Microfiltration uses very fine filters that can remove impurities and even bacteria from water. However, the bacteria accumulate on the filter membranes’ surface and over time, they can form biofilms and make the membrane less permeable. This so-called biofouling reduces the lifetime of membranes and makes filter maintenance more expensive.
Chad D. Vecitis, Harvard University, Cambridge, MA, USA, and colleagues have fabricated interlaced electrodes made from carbon nanotubes directly on polyvinylidene fluoride (PVDF) microfiltration membranes. The electrodes were created by filtering a carbon nanotube-Nafion solution through a laser-cut acrylic stencil onto the PVDF membrane. Then the team applied either an AC or a DC current (2V) to the electrodes and used the modified membrane to filter water containing Pseudomonas fluorescens bacteria.
The researchers found that the membranes with integrated electrodes and an applied voltage had fouling rates 75 % lower than an unmodified control. The researchers attribute the effect to the non-uniform electric field between the electrodes, which causes bacteria to migrate away from the field (a dielectrophoretic mechanism). In addition, the bacteria can be electrostatically repulsed by the cathode, and the bacteria can be damaged and inactivated to some extent by electrochemical effects.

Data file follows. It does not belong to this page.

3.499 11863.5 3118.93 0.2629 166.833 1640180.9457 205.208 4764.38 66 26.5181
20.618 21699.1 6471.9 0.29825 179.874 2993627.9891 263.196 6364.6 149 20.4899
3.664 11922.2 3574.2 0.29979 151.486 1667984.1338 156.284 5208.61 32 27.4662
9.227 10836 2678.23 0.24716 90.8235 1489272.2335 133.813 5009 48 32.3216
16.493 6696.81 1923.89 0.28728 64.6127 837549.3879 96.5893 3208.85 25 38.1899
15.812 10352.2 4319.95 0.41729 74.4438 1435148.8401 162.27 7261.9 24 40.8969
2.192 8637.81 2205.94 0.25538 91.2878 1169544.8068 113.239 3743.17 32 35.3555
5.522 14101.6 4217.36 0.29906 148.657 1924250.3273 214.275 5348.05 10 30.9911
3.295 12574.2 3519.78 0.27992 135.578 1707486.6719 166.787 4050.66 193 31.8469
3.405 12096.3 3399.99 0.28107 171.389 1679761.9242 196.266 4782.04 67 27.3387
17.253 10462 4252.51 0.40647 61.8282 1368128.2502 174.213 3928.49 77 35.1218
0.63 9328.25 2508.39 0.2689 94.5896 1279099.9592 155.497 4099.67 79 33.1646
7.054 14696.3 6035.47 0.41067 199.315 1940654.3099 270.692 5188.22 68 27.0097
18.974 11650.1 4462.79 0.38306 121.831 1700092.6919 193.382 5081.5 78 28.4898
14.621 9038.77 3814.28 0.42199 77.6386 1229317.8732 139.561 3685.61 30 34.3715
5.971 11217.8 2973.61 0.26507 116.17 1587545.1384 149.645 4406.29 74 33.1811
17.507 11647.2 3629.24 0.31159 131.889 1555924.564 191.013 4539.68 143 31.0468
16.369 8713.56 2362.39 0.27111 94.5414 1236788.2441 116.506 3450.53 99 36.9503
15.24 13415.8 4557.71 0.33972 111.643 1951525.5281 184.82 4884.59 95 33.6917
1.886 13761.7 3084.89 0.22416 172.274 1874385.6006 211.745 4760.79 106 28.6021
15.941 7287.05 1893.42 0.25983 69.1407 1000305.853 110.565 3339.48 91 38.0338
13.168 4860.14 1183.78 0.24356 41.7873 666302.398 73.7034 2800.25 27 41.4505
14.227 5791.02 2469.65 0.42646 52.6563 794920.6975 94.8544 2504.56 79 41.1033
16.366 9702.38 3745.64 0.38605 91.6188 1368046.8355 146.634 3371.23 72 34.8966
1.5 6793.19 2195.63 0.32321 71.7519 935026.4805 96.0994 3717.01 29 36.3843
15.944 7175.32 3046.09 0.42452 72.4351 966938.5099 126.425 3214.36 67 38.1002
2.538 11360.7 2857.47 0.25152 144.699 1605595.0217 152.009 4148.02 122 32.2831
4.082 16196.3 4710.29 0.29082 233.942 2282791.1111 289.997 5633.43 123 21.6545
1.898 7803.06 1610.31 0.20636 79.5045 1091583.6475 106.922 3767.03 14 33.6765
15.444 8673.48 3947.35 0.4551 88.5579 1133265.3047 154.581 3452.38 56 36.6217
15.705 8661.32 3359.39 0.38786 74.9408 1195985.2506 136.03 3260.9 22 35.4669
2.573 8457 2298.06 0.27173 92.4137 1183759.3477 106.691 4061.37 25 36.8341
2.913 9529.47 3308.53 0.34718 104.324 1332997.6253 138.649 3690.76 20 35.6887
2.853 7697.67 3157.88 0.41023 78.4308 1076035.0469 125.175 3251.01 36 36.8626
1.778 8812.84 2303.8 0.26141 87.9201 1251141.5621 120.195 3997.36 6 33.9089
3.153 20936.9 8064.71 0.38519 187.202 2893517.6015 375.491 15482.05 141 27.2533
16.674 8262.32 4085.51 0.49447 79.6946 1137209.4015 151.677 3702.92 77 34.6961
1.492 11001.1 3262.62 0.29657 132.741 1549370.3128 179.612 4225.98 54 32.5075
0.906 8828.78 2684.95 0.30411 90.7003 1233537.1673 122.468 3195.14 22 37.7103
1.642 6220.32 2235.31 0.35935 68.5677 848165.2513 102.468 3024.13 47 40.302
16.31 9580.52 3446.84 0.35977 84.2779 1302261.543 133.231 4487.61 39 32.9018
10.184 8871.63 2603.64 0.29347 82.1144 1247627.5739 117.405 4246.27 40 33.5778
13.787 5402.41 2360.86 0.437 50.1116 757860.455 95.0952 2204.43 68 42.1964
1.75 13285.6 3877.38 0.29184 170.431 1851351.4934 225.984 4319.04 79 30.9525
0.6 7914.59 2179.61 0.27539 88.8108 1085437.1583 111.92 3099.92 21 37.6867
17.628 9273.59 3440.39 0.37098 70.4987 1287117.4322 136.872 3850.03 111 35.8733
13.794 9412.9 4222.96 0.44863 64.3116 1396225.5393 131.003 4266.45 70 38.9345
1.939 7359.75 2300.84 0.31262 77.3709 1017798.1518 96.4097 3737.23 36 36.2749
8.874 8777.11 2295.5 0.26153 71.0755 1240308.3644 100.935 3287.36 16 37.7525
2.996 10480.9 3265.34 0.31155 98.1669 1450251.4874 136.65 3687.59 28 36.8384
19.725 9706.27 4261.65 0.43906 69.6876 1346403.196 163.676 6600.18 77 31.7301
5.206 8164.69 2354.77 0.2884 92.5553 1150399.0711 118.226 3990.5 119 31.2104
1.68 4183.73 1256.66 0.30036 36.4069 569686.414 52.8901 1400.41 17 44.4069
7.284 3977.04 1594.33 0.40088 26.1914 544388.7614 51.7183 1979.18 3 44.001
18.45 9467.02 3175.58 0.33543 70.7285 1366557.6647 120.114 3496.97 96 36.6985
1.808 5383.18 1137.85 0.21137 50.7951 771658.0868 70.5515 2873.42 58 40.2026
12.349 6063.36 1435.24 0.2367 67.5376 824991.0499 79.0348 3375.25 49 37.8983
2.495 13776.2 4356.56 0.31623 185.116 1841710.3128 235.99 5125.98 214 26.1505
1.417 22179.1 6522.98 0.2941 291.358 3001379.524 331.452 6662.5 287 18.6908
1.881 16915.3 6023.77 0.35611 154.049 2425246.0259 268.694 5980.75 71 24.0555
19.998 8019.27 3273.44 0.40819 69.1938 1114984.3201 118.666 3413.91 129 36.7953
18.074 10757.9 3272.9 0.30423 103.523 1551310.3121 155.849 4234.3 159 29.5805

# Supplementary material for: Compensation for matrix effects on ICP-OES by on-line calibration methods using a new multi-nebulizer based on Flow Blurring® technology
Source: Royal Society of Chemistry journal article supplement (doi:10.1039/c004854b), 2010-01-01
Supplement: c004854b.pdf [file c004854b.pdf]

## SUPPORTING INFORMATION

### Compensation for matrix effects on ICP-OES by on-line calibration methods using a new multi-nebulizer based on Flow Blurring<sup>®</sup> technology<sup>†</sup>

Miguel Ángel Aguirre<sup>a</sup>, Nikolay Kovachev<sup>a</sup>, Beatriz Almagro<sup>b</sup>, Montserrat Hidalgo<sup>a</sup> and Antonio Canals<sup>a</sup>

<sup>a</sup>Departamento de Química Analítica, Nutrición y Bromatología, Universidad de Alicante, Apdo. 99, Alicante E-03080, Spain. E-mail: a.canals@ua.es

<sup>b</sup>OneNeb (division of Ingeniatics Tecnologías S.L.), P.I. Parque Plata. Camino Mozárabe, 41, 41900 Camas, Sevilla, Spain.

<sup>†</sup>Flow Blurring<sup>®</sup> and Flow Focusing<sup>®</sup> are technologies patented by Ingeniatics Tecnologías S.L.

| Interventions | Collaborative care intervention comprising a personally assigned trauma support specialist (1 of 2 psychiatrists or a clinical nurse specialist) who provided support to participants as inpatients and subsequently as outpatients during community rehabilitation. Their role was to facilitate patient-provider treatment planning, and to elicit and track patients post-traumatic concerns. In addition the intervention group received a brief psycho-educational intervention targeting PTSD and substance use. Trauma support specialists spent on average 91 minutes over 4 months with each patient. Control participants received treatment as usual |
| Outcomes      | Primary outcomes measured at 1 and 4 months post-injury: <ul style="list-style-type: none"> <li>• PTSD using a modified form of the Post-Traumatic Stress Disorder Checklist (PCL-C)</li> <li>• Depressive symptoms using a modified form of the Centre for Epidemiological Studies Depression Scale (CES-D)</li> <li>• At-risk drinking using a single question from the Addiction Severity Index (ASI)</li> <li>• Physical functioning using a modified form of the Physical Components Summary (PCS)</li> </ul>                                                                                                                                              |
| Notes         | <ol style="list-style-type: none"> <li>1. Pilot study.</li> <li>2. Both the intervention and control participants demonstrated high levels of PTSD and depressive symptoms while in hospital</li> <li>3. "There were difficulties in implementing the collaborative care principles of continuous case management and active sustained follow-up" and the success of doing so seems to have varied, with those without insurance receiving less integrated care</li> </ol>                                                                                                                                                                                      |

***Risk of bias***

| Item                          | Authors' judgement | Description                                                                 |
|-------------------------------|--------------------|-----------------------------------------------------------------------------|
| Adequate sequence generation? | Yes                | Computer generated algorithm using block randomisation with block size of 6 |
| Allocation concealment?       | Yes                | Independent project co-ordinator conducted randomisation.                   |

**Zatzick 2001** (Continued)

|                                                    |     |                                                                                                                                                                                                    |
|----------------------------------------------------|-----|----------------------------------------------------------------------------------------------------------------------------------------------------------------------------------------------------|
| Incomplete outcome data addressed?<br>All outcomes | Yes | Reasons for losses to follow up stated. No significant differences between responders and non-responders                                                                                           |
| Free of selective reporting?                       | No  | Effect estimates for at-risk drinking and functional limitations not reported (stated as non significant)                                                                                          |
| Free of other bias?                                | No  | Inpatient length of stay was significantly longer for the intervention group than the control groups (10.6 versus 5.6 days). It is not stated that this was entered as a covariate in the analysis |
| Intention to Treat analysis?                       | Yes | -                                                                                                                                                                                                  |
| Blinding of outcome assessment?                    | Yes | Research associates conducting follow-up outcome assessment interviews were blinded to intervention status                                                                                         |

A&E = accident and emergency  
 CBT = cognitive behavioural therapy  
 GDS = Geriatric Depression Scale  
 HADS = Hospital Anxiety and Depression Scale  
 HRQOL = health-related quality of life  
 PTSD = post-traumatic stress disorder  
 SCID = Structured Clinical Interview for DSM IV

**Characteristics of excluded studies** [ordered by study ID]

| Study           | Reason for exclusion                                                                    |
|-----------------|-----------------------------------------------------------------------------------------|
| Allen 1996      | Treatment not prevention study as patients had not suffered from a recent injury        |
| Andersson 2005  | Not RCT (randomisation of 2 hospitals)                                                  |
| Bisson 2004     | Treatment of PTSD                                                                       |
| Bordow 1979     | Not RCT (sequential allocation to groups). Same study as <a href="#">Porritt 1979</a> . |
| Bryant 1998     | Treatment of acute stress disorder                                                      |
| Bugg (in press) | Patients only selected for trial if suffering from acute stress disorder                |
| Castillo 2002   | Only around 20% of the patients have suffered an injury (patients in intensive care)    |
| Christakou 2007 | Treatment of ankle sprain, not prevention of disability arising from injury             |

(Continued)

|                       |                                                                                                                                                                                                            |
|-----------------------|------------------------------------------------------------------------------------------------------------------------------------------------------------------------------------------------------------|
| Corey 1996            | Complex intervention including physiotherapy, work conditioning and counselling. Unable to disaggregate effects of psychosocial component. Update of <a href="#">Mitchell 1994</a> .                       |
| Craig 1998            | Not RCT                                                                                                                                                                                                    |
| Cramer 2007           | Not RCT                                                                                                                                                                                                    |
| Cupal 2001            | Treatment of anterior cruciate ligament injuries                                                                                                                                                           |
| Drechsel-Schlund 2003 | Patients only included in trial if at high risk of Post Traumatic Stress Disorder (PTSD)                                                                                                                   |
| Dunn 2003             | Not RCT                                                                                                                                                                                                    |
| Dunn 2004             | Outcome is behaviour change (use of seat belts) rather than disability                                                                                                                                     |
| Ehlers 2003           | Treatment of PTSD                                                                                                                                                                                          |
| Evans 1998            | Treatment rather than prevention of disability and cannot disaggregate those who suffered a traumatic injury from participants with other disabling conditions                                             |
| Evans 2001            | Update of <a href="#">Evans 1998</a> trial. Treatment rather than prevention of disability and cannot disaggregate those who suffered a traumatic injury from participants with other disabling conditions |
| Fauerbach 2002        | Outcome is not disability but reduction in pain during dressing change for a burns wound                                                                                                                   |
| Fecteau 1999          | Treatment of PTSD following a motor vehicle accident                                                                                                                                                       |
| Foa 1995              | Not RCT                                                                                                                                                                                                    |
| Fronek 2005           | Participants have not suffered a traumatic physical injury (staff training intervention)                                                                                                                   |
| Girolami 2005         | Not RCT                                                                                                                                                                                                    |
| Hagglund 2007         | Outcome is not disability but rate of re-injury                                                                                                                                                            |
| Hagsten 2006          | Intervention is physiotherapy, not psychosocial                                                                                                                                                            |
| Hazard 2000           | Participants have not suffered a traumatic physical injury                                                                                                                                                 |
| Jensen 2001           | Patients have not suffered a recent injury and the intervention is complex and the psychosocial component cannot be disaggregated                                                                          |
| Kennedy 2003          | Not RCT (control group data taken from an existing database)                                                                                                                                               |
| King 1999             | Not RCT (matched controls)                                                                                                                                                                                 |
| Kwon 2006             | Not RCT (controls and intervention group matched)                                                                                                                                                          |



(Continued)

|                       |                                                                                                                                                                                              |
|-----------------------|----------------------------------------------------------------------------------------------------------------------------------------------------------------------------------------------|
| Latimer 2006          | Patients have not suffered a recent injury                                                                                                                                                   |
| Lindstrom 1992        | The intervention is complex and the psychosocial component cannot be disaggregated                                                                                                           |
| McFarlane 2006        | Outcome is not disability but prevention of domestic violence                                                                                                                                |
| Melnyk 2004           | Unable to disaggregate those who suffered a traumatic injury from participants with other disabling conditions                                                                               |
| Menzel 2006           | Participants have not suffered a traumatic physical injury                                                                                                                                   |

- Interlaced CNT Electrodes for Bacterial Fouling Reduction of Microfiltration Membranes,
Qiaoying Zhang, Paula Arribas, E. Marielle Remillard, M. Carmen Garcáa-Payo, Mohamed Khayet, Chad D. Vecitis,
Environ. Sci. Technol 2017.